Sunday, February 26, 2012

New York in Bloom, day three

Today was the last day of New York in Bloom, the New York State Museum's annual after-school program fundraiser. I wasn't able to spend as much time at the State Museum as I initially hoped -- life has a way of getting in the way -- but I did get to see all of the arrangements before they were taken down.

Today's post will focus on the Adirondack Hall, which is roughly equal in size to Metropolis Hall and is home to a number of permanent exhibits. I'm a little pressed for time this evening, so I'll create a separate post tomorrow to highlight some of the arrangements in the Bird Hall and temporary exhibit spaces.

The State Museum's western entrance features a huge relief map of New York State, and Margie Amodeo of Emil J. Nagengast Florist used tee pee, lemon leaf, Italian ruscus, bear grass, stock, Siberia lilies, and larkspur to create an arrangement that complements it perfectly.

Many of the exhibits in the Adirondack Hall focus on the region's natural resources. This logging display is enhanced by an arrangement of green hydrangea, white wax flower, pink heather, sweet William, fern, Norfolk Island pine, sheet moss, and branches created by Brian Schell of Bountiful Blooms Florist.

Part of a large Botanic Studio installation of bowls of succulents and bromeliads and glass terrariums housing a wide array of plants. This installation was a real crowd-pleaser; sadly, owing to the level of ambient light, I couldn't get a good picture of it in its entirety.

Audrey Hawkins of the Fort Orange Garden Club used hypericum berries, leucadendron "Safari Sunset," French heather, pincushion protea, solidago, alstromeria, and painted foliage to create a dramatic arrangement that complements the portable steam engine that sits at the outer boundaries of the logging exhibit.

Some of the arrangements in the logging section harmonize beautifully with the State Museum's permanent installations. Carl Derush of Maloney's Florist used birch branches, flowering almond branches, and lilies to bring verdant life to this large image of the Adirondack woodland.

Laurie Costello's arrangement of leucadendron, kermit buttons, yellow alstromeria, ferns, and dried mushrooms blends right into the bears' habitat.

Of course, not all of the arrangements recede into the background. Craig Waltz Jr. of Fleurlite Floral Design created a stunning composition of vandal orchids, anthurium, palm leaf, palmetto leaf, and lilies that brings to mind both Adirondack pines and Pacific island flora but certainly livens up an expanse of blank wall.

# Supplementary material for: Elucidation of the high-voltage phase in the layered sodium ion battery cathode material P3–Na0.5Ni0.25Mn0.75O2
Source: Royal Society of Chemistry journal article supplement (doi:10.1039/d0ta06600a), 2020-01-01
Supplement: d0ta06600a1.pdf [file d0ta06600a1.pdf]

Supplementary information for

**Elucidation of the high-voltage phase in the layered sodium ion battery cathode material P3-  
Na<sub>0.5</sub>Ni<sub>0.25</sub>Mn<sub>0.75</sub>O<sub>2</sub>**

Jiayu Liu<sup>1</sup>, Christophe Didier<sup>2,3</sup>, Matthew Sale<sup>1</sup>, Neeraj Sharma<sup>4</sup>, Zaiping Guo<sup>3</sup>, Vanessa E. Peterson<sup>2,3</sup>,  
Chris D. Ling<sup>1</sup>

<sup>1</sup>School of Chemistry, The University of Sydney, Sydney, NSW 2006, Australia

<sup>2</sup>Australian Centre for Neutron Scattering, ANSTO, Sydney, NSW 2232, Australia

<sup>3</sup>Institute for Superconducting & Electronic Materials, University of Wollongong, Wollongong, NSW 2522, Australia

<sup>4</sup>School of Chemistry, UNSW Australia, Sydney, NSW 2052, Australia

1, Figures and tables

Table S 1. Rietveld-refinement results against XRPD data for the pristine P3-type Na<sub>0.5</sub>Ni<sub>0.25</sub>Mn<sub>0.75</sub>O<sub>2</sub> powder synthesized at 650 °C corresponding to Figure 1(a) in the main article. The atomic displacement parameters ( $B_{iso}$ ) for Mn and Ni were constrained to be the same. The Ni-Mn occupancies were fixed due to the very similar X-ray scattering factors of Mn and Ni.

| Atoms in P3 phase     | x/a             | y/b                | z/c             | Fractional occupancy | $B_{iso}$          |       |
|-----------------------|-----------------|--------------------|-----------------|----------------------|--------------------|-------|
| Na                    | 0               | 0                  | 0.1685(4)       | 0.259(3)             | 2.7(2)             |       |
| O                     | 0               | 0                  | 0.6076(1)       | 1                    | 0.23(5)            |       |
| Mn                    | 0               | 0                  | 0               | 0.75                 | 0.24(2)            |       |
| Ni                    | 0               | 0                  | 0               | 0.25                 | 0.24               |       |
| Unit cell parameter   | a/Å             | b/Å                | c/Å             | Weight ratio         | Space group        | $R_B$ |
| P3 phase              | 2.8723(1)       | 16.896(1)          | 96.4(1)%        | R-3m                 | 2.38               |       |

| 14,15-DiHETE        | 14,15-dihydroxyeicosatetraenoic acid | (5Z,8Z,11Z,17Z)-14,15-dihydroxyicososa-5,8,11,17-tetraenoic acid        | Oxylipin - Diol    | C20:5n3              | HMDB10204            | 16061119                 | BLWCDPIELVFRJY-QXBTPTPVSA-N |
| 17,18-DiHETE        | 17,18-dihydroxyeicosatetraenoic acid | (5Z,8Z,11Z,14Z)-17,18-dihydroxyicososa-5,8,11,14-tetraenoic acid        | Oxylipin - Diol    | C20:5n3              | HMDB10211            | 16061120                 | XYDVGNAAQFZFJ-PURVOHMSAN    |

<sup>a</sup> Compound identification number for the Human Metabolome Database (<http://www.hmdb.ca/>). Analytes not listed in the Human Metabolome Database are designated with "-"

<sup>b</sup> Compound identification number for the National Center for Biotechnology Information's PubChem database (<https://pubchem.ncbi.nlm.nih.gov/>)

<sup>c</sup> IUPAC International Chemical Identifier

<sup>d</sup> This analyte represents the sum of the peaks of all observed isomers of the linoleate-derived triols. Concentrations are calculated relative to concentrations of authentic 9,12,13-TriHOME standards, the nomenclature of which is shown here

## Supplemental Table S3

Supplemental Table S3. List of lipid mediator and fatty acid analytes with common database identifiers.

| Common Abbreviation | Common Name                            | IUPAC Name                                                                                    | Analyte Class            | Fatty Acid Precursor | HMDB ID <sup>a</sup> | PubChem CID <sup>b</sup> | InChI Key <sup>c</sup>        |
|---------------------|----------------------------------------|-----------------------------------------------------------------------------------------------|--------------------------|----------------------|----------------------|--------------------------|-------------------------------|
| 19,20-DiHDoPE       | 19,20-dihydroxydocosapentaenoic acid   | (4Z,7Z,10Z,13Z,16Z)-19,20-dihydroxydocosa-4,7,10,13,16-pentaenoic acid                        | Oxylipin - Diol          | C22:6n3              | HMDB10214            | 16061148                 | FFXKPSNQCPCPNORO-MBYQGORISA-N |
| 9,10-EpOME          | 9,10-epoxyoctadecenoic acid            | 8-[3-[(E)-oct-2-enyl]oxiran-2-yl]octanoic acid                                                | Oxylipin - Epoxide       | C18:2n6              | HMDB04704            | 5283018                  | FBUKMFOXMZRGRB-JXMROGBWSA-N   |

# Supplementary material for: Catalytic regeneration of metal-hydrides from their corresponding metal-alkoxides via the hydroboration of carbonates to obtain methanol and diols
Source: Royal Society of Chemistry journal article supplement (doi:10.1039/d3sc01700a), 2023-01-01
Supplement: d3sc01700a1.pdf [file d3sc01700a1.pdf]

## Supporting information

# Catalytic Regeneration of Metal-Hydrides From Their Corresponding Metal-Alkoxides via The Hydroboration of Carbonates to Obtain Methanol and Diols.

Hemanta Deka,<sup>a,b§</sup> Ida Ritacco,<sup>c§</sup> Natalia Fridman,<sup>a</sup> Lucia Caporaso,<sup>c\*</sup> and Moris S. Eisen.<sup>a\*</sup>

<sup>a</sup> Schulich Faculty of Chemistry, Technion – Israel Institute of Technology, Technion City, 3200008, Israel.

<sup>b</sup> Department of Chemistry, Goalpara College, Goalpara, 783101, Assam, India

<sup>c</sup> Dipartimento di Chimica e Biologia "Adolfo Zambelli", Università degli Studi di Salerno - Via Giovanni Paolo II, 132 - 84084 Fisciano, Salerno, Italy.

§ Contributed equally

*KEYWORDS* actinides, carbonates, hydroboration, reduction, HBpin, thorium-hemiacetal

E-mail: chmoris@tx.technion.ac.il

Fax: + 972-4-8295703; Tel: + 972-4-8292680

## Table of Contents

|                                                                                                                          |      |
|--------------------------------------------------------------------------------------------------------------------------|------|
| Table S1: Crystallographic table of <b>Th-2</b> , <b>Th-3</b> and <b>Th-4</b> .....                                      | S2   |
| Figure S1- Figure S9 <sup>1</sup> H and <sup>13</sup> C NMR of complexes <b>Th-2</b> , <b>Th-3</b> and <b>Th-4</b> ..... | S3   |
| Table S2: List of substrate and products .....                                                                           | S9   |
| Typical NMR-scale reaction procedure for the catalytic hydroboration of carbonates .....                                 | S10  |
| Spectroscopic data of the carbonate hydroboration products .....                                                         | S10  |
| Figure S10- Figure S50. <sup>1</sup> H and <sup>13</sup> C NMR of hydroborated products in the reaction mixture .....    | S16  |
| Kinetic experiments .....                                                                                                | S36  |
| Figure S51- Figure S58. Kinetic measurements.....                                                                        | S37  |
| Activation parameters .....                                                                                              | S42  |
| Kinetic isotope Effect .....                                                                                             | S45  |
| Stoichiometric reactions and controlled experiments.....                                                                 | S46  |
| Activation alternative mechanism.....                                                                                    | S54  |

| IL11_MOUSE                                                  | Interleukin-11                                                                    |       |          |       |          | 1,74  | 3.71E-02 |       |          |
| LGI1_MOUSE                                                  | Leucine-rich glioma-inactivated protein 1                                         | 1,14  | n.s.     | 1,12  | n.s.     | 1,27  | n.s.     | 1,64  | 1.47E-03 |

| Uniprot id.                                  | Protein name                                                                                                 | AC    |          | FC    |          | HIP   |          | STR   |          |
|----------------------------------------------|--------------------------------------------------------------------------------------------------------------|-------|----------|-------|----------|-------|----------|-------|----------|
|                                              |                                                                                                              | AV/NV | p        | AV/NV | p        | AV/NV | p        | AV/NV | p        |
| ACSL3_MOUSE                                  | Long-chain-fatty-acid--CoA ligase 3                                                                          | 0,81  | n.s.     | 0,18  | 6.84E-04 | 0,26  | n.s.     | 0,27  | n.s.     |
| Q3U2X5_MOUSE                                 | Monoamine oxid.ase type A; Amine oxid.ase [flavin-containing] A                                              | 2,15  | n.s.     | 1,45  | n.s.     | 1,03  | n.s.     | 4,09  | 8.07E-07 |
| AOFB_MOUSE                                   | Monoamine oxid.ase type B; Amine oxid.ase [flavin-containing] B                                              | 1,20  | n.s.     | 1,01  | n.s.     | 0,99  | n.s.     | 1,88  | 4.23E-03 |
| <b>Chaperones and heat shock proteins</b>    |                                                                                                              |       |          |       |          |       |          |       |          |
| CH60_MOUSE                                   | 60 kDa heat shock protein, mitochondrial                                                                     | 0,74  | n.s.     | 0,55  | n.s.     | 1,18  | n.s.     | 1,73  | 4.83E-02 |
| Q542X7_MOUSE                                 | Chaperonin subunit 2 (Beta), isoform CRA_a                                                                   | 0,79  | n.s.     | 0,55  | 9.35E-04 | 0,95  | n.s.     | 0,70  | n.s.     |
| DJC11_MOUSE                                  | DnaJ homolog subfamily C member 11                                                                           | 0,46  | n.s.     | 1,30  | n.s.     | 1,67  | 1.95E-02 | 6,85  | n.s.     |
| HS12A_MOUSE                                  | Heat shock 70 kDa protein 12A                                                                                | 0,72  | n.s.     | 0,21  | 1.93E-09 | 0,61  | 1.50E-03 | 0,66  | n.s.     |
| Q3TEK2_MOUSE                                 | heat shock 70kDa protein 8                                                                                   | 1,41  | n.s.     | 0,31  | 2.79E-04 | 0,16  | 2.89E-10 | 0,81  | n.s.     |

This sweet little arrangement, which consists of roses, lilies, pincushion protea, and bird of paradise, complements a small mining exhibit. It was created by Anthony Macarelli.

The Minerals of New York gallery is one of the most popular sections of the Adirondack Hall. This arrangement, which consists of lilies and some sort of grass, complements a specimen case beautifully -- and proves that one doesn't need tons of varied blooms to create an arresting composition. Unfortunately, the accompanying label vanished some time before I visited the gallery, and as a result cannot identify the creator.

The section of Adirondack Hall devoted to recreation features this arresting arrangement by Donald Bennett of White Cottage Gardens. It consists of roses, alstromeria, freesia, thistle, seeded eucalyptus, pine, and boxwood.

Immediately to the south of Adirondack Hall is a large gallery devoted to the native peoples of New York State. The mastodont in the exhibit devoted to the settlement of what is now New York approximately 12,000 years ago is a big hit with kids of all ages, and this arrangement by Pamela Nagengast of Emil J. Nagengast Florist was a big hit with me. It features French tulips, dendrobium orchids, calla lilies, lisianthus, snapdragons, larkspur, caspia, stock, foxtail, curly willow, flexigrass, Italian ruscus, and eucalyptus.

Janet Wierzchowski, Helen Lindstrom, and Marie Mueller of the Schoharie Valley Garden Club used chrysanthemum, daisies, solidago canadiensis, pussy willow, curly willow, fantail willow, Norwegian spruce, white pine, cornhusks, eucalyptus, and allium to create an arrangement that harmonizes beautifully with the Iroquois longhouse.

The Native Peoples of New York gallery features a wide array of contemporary Iroquois baskets, beadwork, and other crafts. This stunning arrangement by Terry Waltz of StoryTime Chinese consists of pussy willow, flax, and lily. It harmonizes perfectly with the works on display . . .

. . . and even features a Mohawk inscription spanning three of its leaves. Unfortunately, I don't know what it means; a scannable mobile code that directed cell phone users to an English translation was available, but for some reason I left my cell phone at home today. Any readers of Mohawk out there?

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